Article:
Mililani’s Wurlitzer born to play soccer

Mililani defender Karlin Wurlitzer dribbled the ball away from Pearl City midfielder Brittny Ihara during the first half of an OIA girls soccer semifinal game. Photo by Jamm Aquino / Star-Advertiser

She’s been around the game since she could walk.

Karlin Wurlitzer was born to a soccer-playing mom and a soccer-playing dad, the first of three soccer-playing children. Even now, mom Lisa and dad Dane still play in weekend leagues. For Wurlitzer, living and breathing soccer year round, even playing with her mom, invigorates her world.

The Mililani senior has a glue effect on her team. As a co-captain, her instincts and decisions have an influential role. The Lady Trojans struggled some this season, more than usual, but came through with a lockdown defense that shut out four opponents in the playoffs en route to the program’s 17th Oahu Interscholastic Association title.

Wurlitzer, who is distantly related to the folks who started the world-famous piano and organ company, is a scholar-athlete who likes math, loves writing and carries a perfect grade-point average. She still wants more. She’ll leave Hawaii in a few months to continue her academic and athletic pursuits at Idaho State.

“What’s amazing is this family is humble, well-grounded and competitive. It’s how you can get sports and still have good values and traditions,” Mililani coach Ray Akiona said.

Back to holding mid, a position that doesn’t quite exist for every team. In fact, Akiona will expand the role of a typical midfielder when the situation — and the player — is the right fit.

“She has defensive responsibilities, but is also the first phase of the counter attack. She has to commit to starting the offense, as well,” he said. “Most defenders just defend the line and release the play forward. Karlin is in the position to actually play it forward. Karlin’s mobility and smarts, she fills that position well. That position, to me, is something that suits her personality and skill level, and gives her more freedom to utilize what she does well.”

Tehani Furuta, Jodi Lily and Wurlitzer are co-captains.

“Karlin has the composure, the compassion and the competitiveness. She’s so aware of the importance of compassion for her fellow players. She’s compassionate about her teammates who may not get as much playing time,” Akiona added. “She’s aware of all those issues. That’s what makes her stand out so much.”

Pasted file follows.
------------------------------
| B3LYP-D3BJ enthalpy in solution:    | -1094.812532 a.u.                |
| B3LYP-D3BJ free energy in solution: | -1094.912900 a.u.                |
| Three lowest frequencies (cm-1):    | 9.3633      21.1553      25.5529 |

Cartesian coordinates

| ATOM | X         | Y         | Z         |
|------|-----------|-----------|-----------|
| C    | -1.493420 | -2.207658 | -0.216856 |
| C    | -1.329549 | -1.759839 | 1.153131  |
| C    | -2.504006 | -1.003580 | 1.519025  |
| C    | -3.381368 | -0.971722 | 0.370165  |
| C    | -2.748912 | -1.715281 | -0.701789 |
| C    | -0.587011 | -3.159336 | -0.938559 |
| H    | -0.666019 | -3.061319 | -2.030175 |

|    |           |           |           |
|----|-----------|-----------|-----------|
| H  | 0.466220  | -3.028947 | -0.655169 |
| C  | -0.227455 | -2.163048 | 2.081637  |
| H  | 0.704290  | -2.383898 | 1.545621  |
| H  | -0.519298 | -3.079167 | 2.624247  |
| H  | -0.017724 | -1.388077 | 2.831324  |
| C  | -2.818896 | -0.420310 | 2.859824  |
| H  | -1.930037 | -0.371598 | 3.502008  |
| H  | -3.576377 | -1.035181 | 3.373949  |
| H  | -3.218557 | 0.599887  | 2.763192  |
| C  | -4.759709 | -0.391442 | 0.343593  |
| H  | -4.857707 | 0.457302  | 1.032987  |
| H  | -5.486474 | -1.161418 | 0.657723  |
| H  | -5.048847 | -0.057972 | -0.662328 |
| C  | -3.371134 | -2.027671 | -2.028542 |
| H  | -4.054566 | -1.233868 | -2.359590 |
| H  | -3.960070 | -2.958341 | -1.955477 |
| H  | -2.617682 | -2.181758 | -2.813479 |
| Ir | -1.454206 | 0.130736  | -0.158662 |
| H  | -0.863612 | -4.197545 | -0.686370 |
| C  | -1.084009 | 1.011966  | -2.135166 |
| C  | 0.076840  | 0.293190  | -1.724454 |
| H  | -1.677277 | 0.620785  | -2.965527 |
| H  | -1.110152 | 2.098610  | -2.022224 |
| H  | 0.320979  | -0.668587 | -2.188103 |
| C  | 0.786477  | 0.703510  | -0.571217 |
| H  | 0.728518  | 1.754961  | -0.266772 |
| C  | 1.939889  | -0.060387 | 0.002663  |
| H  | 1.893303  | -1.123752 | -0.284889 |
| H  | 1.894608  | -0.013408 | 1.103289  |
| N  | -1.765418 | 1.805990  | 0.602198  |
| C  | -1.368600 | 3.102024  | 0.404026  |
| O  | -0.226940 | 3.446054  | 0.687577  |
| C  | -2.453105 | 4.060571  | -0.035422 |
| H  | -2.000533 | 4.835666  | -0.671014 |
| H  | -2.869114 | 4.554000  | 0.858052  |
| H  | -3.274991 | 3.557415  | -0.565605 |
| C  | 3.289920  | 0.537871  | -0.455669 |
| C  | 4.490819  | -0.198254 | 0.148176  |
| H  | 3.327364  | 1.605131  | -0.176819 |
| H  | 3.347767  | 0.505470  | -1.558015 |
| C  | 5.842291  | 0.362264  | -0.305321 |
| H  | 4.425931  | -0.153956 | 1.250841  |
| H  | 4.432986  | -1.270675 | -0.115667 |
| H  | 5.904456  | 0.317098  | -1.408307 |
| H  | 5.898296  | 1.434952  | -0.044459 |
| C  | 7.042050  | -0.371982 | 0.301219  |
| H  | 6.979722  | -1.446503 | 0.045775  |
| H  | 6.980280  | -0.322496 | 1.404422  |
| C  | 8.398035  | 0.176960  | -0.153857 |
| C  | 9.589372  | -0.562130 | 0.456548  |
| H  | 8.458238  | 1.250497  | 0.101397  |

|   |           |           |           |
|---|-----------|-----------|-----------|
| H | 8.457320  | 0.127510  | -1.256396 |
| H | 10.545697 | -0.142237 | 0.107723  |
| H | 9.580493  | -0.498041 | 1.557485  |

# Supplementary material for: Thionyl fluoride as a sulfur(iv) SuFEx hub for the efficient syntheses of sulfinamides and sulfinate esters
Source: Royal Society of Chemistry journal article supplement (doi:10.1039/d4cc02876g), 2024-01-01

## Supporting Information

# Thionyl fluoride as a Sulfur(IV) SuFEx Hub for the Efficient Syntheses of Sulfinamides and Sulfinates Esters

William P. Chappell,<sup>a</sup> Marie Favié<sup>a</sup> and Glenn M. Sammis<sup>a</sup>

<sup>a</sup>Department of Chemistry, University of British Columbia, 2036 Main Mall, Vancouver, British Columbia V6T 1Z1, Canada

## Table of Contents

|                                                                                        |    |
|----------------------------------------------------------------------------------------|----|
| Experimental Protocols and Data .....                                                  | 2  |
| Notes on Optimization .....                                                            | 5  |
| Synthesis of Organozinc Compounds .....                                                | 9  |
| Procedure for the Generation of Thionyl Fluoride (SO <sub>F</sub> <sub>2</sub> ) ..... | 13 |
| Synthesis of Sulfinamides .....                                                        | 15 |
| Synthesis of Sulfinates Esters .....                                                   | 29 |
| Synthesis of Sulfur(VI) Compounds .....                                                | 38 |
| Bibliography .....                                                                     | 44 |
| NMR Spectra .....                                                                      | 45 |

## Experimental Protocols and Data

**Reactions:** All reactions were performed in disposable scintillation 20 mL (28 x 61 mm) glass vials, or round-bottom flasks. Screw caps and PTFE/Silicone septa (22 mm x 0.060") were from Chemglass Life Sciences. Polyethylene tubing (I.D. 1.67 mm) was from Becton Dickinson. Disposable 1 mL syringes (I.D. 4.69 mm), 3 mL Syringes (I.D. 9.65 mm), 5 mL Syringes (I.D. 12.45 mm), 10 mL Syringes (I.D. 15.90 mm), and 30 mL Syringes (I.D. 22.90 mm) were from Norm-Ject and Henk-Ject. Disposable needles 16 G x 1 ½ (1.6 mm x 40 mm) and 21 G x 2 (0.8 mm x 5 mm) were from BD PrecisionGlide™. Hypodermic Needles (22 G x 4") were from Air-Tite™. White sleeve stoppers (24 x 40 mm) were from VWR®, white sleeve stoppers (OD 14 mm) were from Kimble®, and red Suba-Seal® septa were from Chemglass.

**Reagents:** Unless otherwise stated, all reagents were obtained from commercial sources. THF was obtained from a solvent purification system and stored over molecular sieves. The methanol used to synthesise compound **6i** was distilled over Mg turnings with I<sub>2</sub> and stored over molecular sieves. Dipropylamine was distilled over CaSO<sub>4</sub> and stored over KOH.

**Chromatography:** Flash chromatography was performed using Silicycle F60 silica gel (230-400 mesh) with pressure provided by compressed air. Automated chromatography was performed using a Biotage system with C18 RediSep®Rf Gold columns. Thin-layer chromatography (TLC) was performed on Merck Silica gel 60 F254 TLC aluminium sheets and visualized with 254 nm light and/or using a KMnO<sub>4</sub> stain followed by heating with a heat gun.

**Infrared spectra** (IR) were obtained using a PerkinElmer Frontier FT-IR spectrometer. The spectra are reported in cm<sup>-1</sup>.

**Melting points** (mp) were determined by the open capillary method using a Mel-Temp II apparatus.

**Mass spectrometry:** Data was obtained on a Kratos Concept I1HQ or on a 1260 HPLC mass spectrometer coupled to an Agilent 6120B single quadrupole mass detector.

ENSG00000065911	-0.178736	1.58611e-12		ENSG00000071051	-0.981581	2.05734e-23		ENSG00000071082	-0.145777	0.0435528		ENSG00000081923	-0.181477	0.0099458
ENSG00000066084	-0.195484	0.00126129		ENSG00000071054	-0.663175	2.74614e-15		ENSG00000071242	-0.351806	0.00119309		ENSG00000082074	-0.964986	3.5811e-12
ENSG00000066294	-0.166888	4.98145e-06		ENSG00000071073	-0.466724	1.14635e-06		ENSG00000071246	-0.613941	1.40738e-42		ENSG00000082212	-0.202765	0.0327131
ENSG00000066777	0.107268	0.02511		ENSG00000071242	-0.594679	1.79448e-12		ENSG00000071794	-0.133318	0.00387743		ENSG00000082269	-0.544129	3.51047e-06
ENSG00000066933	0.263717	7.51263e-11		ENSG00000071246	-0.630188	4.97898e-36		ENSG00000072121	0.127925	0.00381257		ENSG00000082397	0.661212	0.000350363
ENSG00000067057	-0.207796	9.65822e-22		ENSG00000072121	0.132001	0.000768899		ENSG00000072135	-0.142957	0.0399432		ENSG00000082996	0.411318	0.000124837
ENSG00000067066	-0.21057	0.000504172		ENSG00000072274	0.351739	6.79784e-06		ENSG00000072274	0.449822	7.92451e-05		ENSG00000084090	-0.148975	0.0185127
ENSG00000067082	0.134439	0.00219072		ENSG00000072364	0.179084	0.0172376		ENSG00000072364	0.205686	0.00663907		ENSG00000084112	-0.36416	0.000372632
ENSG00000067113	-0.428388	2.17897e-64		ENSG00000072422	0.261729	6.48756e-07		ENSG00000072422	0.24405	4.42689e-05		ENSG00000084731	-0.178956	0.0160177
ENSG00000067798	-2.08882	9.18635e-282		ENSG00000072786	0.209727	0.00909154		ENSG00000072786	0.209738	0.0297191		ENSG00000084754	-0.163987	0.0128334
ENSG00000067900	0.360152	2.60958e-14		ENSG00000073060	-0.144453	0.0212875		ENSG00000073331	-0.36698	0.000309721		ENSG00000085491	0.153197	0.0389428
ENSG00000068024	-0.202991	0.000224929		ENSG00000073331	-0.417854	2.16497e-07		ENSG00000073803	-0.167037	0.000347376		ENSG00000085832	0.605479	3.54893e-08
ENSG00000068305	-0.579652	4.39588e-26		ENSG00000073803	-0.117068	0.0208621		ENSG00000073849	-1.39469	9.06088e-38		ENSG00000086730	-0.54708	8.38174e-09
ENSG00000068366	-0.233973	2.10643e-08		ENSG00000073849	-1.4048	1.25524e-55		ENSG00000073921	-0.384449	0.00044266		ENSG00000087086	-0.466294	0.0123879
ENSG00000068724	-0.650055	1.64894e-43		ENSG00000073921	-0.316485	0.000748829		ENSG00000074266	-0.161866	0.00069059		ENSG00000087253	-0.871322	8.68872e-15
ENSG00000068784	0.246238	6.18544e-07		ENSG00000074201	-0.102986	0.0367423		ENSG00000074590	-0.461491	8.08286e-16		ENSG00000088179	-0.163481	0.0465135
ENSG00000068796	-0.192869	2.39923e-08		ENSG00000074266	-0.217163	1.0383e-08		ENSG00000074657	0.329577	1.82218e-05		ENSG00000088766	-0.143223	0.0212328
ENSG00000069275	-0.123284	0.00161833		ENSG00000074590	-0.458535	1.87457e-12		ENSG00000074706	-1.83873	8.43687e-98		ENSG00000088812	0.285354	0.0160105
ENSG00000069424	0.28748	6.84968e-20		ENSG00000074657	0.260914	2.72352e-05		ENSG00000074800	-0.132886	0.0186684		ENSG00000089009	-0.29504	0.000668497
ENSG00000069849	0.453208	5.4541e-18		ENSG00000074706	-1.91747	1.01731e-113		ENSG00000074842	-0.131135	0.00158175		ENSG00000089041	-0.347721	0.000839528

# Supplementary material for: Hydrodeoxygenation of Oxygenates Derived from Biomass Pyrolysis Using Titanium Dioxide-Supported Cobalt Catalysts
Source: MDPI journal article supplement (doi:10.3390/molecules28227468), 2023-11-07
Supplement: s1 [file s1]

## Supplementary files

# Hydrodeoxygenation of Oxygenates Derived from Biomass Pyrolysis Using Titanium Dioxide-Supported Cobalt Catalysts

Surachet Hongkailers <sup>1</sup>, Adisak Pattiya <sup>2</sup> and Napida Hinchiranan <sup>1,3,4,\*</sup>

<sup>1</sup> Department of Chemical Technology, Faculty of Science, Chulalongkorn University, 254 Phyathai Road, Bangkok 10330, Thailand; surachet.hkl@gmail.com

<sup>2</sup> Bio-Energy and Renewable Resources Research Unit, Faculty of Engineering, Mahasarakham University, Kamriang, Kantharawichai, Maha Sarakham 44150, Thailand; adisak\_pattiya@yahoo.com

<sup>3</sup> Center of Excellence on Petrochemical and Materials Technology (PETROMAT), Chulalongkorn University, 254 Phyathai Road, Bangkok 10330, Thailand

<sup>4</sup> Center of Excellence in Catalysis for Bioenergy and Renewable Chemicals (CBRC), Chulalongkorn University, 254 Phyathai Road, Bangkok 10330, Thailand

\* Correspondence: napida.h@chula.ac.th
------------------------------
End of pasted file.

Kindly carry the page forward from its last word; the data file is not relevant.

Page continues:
Wurlitzer was featured in today’s Honolulu Star-Advertiser, which you can read here. A Q&A is below:

Karlin Wurlitzer
Mililani Soccer

Favorites • Q&A
> My mom 🙂 (Lisa Wurlitzer)
> She’s been playing soccer since she was like, I don’t know, 10 years old. She’s up there and she’s playing and she’s still competitive. She plays in a women’s open league every weekend. I kind of grew up there on the soccer field.

Do you think she’ll ever stop?
> No, not really. Besides the competition, she’s made so many friends. It’s a giant community and there’s people in their 70s and 80s in their own division.

So they have cool uniforms?
> Yeah, they do, and every goal the older players score is a double goal.

> Buffalo Bills. Me and sister (Danean), we kind of arbitrarily pick a new team every year. We have no interest in football. We just want to get into the hype. We saw their record wasn’t that good, so we decided to cheer for them this year and they made the playoffs.

What if you had to visit Buffalo during winter and watch a game?
> Mmm, probably watch it from a hotel.

You don’t want to sit in the freezing wind and snow at the game?
> It might be a good experience one day.

Food (at home)
> Chicken noodle soup. Canned. Yup. I usually have Campbell’s. I like it. I have soup at lunch a lot at home. My parents make so much good food, but there’s no one food I like most.

Food (eating out)
> Panda Express. Chow fun and orange chicken. I usually get it as a bowl.

You could eat this every day?
> Hopefully not because it’s not that healthy. Fried and oily. Maybe once a week.

Hobby outside of sports: 
> Writing. I think I could free write for 45 minutes, but I like creative writing. Putting my ideas onto paper. I like reading poetry.

> Coco. It’s such a good story and there’s so much Spanish culture involved, it’s really interesting to watch. It’s classic Disney, the music is good. The movie makes you feel good.

TV Show
> The Good Doctor. It’s on ABC. We watch it on demand. I haven’t had time to catch up. I’ve been busy with soccer so I have to go back and watch it.

Are you worried that someone you know might spoil for you?
> Hmm, no, not really. Not many people I know watch it.